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Case Law Topics
The "best interest of creditors test" of § 1325(a)(4) -- also informally known as "the liquidation test" -- requires that unsecured creditors in a Chapter 13 case be paid at least as much through confirmation of a proposed Chapter 13 plan as they would receive if the debtor's case were liquidated under Chapter 7 of the Bankruptcy Code.
It is important to remember that number is not arrived at simply by adding up the value of the property; you are also allowed to reduce that amount by the administrative costs of selling the item, etc. to arrive at the true amount that unsecured creditors would get in a Chapter 7 case.
The new law can pose a catch 22 for debtors if the means test forces them into Chapter 13 although their actual disposable income is inadequate to fund a Chapter 13 plan. Some courts have held that this Catch 22 is avoided by ruling that the Chapter 7 means test is not applicable to cases "Filed under" chapter 13 and then converted to Chapter 7
For converted cases, the case law appears to agree that the six-month income measurement period is based on the date of the filing of the original petition: conversion does not reset that date.
Cases about the procedure required to strip liens on over-secured property.
U.S. Supreme court finally resolves this question choosing to follow the line of cases started by In re Nowlin (type C) in this outline.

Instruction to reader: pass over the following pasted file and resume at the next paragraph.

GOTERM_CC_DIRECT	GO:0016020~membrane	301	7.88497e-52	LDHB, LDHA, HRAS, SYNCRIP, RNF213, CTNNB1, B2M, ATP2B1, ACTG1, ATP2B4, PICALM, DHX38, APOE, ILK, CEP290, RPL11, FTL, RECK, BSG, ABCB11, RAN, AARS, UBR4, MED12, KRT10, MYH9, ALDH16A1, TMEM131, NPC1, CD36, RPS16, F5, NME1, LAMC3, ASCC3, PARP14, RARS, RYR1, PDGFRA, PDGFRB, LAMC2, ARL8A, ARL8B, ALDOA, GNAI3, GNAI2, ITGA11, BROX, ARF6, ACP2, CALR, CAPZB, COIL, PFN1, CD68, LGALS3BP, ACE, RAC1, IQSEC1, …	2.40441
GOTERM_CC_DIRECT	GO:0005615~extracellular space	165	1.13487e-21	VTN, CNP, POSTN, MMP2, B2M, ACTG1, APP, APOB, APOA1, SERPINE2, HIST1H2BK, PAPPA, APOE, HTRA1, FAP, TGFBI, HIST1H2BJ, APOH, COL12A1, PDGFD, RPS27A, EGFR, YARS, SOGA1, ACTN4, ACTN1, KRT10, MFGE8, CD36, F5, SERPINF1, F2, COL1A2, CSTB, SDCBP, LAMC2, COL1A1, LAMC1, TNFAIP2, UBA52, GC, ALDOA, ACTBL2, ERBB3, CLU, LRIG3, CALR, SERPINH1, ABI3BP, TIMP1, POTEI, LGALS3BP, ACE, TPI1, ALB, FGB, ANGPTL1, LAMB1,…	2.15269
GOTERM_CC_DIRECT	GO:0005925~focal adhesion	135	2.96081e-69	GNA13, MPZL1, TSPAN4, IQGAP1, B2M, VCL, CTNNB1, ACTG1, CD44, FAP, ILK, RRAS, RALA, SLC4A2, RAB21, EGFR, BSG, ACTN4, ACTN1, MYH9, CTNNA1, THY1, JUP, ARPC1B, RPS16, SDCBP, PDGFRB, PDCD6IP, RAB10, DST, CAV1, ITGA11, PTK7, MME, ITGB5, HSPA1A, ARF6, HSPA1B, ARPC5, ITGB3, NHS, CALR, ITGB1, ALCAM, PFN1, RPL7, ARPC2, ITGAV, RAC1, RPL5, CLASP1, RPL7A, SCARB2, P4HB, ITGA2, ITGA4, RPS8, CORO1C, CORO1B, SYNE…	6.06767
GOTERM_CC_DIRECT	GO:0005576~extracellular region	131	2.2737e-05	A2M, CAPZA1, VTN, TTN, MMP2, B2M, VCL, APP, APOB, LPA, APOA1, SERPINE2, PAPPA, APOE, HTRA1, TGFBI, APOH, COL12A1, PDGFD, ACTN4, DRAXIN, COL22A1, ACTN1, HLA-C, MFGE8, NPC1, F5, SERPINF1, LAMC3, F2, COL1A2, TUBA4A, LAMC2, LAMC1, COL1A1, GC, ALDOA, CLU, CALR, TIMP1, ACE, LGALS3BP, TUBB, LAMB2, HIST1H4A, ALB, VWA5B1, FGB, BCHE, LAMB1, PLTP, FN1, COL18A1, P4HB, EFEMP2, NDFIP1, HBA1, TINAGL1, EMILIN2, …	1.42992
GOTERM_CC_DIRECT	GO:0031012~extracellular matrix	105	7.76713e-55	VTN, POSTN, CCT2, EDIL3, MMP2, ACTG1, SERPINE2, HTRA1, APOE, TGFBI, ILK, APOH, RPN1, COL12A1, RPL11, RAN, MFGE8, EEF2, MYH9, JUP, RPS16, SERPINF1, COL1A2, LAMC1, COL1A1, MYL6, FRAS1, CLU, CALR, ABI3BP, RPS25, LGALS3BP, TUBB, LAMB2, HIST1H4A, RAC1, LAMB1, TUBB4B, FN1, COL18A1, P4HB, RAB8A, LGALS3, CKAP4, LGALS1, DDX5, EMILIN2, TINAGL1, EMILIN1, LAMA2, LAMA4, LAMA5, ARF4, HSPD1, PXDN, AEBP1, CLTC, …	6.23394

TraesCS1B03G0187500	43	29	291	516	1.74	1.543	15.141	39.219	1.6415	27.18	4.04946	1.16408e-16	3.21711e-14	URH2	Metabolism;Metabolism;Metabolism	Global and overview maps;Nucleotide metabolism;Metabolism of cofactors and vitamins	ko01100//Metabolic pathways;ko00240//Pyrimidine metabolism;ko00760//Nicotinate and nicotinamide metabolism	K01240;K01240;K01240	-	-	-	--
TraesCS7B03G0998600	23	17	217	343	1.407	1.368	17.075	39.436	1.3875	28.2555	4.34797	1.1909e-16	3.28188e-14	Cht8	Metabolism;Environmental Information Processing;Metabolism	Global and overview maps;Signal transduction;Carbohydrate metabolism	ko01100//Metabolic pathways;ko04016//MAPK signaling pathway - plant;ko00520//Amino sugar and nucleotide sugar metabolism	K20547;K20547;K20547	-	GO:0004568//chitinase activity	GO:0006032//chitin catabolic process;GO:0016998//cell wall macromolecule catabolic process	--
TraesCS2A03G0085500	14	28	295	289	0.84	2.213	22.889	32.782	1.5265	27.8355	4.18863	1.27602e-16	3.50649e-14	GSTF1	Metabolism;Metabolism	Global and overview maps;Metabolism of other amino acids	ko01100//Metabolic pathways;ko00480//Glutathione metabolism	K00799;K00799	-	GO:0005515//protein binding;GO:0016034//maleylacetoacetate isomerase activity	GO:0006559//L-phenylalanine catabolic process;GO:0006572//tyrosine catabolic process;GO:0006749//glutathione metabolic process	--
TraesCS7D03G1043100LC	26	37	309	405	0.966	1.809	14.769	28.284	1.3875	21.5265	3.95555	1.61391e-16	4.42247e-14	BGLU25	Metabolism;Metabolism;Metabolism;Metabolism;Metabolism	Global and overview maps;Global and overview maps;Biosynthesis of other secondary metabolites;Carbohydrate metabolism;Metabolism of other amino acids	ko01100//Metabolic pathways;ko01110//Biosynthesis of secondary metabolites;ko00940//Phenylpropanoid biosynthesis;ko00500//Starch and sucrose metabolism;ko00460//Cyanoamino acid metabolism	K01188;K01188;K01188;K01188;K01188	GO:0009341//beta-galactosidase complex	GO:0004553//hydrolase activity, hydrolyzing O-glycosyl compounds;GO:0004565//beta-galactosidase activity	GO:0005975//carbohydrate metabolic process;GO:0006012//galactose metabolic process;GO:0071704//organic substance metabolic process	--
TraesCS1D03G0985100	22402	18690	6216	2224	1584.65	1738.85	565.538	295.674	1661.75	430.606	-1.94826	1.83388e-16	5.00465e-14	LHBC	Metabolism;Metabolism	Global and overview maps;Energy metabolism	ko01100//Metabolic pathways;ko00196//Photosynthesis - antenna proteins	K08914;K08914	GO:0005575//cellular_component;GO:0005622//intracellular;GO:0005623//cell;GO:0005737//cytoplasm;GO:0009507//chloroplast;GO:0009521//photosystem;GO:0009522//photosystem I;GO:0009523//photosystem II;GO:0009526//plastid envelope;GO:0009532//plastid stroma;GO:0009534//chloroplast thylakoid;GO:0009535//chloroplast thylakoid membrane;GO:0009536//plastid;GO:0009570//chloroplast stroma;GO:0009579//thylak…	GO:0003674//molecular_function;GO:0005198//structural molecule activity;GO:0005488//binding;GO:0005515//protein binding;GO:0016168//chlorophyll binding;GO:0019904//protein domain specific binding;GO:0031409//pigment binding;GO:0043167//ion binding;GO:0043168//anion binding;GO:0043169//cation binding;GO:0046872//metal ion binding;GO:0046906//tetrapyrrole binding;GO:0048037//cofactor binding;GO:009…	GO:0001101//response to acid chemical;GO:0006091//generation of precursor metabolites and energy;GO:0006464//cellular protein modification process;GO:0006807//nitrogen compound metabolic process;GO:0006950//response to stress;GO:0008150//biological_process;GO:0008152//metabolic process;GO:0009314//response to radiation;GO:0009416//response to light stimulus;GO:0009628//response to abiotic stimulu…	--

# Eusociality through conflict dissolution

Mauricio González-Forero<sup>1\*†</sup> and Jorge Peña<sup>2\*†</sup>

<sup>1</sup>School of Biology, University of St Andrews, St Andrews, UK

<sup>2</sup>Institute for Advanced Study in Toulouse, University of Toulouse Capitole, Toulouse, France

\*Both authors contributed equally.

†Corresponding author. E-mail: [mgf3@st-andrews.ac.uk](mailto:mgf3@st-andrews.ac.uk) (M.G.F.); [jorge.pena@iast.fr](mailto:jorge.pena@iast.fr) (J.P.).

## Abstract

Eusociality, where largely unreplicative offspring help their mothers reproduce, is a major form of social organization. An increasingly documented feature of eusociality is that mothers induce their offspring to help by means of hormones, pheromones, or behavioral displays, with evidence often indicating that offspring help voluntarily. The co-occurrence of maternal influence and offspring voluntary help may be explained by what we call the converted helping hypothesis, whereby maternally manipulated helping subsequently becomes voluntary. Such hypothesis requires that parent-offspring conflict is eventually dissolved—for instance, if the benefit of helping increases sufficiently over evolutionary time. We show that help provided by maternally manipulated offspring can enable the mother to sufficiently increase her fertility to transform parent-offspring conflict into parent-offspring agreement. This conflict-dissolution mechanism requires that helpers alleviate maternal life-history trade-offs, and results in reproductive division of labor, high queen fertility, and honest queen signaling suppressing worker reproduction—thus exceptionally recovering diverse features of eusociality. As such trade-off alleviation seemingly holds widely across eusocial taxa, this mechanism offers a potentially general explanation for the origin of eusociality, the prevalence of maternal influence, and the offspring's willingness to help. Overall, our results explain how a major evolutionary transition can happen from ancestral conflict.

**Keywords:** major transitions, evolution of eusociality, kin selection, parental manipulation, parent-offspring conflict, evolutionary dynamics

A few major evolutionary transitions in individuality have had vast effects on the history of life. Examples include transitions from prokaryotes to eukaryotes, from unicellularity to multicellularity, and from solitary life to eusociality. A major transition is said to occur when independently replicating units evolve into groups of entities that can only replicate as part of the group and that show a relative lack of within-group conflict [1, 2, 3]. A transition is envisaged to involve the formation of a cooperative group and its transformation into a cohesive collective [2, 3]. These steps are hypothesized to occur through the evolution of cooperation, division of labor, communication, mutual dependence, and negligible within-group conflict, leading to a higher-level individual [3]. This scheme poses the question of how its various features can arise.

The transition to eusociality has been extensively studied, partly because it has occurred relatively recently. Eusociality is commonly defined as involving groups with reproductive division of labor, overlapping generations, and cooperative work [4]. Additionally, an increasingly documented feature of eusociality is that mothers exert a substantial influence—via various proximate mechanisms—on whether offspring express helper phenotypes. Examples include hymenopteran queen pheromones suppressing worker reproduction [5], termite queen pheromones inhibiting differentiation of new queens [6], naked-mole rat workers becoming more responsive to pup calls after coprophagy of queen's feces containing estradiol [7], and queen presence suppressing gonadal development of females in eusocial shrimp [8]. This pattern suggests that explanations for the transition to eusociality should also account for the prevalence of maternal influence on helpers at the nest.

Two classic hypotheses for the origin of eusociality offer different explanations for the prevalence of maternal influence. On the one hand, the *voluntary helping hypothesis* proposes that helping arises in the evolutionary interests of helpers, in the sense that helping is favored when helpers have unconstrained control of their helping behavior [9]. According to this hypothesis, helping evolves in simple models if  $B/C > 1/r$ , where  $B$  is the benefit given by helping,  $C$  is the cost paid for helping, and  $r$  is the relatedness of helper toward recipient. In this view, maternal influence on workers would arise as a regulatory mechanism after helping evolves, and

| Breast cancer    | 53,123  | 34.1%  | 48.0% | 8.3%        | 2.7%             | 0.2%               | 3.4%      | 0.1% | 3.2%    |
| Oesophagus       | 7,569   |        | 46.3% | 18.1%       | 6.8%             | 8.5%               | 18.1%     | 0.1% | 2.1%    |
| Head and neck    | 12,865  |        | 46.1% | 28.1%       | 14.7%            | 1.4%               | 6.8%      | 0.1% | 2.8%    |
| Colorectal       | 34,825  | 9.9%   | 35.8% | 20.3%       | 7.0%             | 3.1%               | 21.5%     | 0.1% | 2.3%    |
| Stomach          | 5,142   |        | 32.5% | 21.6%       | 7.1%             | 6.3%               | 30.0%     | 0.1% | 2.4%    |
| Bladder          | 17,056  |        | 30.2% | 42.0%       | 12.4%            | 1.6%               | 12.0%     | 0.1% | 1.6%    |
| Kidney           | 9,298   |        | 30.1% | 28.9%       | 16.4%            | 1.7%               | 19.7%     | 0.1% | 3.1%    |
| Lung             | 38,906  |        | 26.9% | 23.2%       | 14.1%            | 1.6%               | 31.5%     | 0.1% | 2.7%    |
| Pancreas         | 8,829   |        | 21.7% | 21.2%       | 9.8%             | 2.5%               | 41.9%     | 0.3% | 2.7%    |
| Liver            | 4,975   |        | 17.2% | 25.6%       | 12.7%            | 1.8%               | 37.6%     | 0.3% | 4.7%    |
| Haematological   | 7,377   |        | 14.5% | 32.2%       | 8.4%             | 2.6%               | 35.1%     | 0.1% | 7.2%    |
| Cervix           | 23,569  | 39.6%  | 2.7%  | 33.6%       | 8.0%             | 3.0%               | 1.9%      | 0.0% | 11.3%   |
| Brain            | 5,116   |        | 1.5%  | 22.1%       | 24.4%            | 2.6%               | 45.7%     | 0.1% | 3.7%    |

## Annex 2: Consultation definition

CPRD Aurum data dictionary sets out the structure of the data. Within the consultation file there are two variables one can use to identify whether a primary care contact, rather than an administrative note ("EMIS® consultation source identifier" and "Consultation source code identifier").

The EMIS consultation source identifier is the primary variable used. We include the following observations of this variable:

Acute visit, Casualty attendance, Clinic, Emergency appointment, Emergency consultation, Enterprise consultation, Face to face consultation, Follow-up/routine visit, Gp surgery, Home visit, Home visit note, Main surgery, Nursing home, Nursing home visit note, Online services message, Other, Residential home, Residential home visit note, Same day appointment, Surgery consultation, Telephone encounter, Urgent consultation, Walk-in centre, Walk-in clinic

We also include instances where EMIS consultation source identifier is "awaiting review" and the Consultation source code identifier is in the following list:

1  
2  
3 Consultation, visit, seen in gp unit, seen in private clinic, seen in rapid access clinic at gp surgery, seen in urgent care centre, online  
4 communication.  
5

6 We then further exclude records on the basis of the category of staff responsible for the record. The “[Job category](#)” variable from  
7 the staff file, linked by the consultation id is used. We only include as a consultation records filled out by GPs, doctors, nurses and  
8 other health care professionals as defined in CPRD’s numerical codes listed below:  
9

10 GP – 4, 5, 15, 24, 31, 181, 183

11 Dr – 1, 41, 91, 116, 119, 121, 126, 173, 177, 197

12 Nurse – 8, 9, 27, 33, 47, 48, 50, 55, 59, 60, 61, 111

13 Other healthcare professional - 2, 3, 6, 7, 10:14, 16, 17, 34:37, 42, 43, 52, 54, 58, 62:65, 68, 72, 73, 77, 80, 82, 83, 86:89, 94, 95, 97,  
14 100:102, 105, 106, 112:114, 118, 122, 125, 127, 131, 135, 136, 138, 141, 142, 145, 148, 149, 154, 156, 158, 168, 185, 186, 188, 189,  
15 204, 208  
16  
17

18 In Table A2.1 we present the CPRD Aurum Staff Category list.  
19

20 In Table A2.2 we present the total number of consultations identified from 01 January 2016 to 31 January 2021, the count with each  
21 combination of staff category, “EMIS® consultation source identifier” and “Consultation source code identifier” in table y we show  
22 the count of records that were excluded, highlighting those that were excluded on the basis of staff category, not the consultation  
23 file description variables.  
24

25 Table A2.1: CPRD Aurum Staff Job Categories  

Held: When a bankruptcy court calculates a debtor's projected disposable income, the court may account for changes in the debtor's income or expenses that are known or virtually certain at the time of confirmation.
Throughout its discussion the court seemed to agree with the "Type C" cases listed here that use form 22C as the standard for what expenses are and are not allowed, but these amounts can be adjusted if changes in the debtor's income or expenses "are known or virtually certain at the time of confirmation." Note that's a pretty high bar.
Note also that the court says you should keep the formula from Form 22C but adjust it based on facts. It does not say to throw out 22C and rely on Schedules I and J.
The 2005 bankruptcy amendments added a "hanging paragraph" (that is, doesn't have a separate subsection like all paragraphs should) to section 1325(a) that says that you cannot cramdown an purchase-money auto loan that was obtained less than 910 days
The question is whether when a debtor turns in a car for a trade in, whether the part of the new car loan that is meant to pay off the balance on an old car loan in included in the amount that is by the no-cramdown protection of 1325(a)
It is neither "all or part of the price" of a new car nor is it "value given to enable the debtor to acquire rights in or the use of" a new car
The issues argued in these cases are whether the hanging paragraph allows a debtor to surrender a 910 vehicle in full satisfaction of his debt. If not, then, "the remaining debt must be treated as an unsecured claim in the Chapter 13 plan. Although the debt "need not be paid in full, any more than [the debtors] other unsecured debts,  it [cannot] be written off in toto while other unsecured creditors are paid some fraction of their entitlements." In re Miller